The proportion of participants meeting ISPAD and ADA targets for HbA1c, BP, lipids, and BMI were tabulated according to age group. Differences in the characteristics of participants meeting HbA1c targets were evaluated through logistic regression models adjusted for potential confounders. In view of the large sample size, only P < 0.01 was considered statistically significant.

Among the 13,316 pediatric participants, 677 (5%) were 1 to younger than 6 years of age, 5,336 (40%) were 6 to younger than 13 years of age, and 7,303 (55%) were 13 to younger than 20 years of age (mean age, 12.7 years; mean diabetes duration, 5.6 years; 48% female; 78% non-Hispanic white). An insulin pump was used by 55% of participants and a continuous glucose monitor was used by 3%. The median (25th and 75th percentile) number of self-reported self-monitoring of blood glucose per day was 5 (4,7).

The ISPAD and ADA targets for HbA1c, BP, BMI, and lipids are shown according to age in Fig. 1. Mean ± SD for HbA1c was 8.2 ± 1.1% in those 1 to younger than 6 years old, 8.3 ± 1.2% in those 6 to younger than 13 years old, and 8.8 ±1.7% in those 13 to younger than 20 years old. The age-specific ADA HbA1c target was met by 32% of participants and the ISPAD HbA1c target of ≤7.5% was met by 25% of participants. The percentage meeting ADA and ISPAD HbA1c targets was higher in the younger age groups compared with the group 13 to younger than 20 years old (P < 0.001 for ADA and ISPAD). Among pump users 1 to younger than 6 years old, the proportions of participants meeting the ADA and ISPAD HbA1c targets were 79 and 37% compared with 50 and 17% among injection users (P < 0.001, adjusted for diabetes duration, race/ethnicity, household income, insurance, and self-monitoring of blood glucose per day). In those 6 to younger than 13 years old, 50 and 32% of insulin pump users met the ADA and ISPAD HbA1c targets compared with 34 and 20% of injection users (P < 0.001). There was not a significant difference in the percentage meeting HbA1c targets between insulin pump users and injection users among the group 13 to younger than 20 years old (24 and 27% of pump users vs. 18 and 20% of injection users; P = 0.11 and 0.02). Only 14% of non-Hispanic black participants met the ADA HbA1c target compared with 34 and 28% in non-Hispanic white and Hispanic participants (adjusted P < 0.001). Among participants with available data, 95 and 86% met ADA and ISPAD HDL targets; 78, 63, 65, and 90% met BP, BMI, LDL, and triglycerides targets.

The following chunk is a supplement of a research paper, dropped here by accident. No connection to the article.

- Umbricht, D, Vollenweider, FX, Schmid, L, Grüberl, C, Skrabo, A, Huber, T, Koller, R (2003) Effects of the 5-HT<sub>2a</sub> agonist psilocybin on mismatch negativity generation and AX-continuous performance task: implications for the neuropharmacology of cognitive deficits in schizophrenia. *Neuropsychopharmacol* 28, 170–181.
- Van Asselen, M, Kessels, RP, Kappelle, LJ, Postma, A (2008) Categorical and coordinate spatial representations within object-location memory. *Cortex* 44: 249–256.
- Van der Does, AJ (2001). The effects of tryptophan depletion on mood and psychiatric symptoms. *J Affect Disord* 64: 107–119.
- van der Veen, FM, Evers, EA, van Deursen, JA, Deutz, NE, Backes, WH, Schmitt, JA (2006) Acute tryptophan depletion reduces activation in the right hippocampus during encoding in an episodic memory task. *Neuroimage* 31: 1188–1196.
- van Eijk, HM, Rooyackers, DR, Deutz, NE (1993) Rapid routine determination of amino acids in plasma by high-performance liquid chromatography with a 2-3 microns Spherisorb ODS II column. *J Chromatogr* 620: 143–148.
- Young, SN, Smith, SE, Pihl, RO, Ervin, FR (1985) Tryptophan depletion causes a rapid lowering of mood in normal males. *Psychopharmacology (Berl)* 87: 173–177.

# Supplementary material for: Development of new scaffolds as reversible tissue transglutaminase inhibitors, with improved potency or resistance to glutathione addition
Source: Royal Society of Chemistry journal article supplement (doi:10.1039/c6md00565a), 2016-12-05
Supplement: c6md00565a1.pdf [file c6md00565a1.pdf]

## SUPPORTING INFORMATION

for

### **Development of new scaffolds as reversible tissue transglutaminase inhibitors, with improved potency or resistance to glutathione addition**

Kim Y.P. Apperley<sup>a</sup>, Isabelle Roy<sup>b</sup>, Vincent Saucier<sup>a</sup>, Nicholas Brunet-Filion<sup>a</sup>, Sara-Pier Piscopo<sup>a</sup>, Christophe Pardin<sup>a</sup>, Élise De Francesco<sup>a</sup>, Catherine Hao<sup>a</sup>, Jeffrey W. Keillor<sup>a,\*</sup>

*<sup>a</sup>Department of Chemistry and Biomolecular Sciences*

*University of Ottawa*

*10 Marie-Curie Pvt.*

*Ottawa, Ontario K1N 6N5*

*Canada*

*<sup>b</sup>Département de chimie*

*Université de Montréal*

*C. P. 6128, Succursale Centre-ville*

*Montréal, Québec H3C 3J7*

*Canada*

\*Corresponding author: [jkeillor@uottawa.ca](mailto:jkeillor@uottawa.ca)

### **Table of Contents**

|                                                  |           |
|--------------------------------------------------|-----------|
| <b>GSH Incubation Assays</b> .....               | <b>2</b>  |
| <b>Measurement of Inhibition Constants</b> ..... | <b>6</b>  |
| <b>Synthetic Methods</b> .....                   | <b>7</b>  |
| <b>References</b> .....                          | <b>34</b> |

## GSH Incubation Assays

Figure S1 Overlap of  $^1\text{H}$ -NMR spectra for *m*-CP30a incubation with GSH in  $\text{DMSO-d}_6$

Figure 1

A: Proportion of participants meeting HbA1c targets (N = 13,226). ADA (black bars): <8.5% for those 1 to younger than 6 years of age, <8.0% for those 6 to younger than 13 years of age, and <7.5% for those 13 to younger than 20 years of age. ISPAD (striped bars): <7.5%. B: Proportion of participants meeting BP target (N = 12,664) <90th percentile for age, sex, and height. C: Proportion of participants meeting BMI target (N = 13,045) <85th percentile for age and sex. BMI percentile was not calculated for those younger than 2 years of age. D: Proportion of participants meeting fasting LDL target (N = 3,010) <100 mg/dL (<2.6 mmol/L). E: Proportion of participants meeting HDL target (N = 8,938). ADA (black bars): >35 mg/dL; ISPAD (striped bars): >1.1 mmol/L. F: Proportion of participants meeting triglycerides target (N = 2,454) <150 mg/dL (<1.7 mmol/L).

Figure 1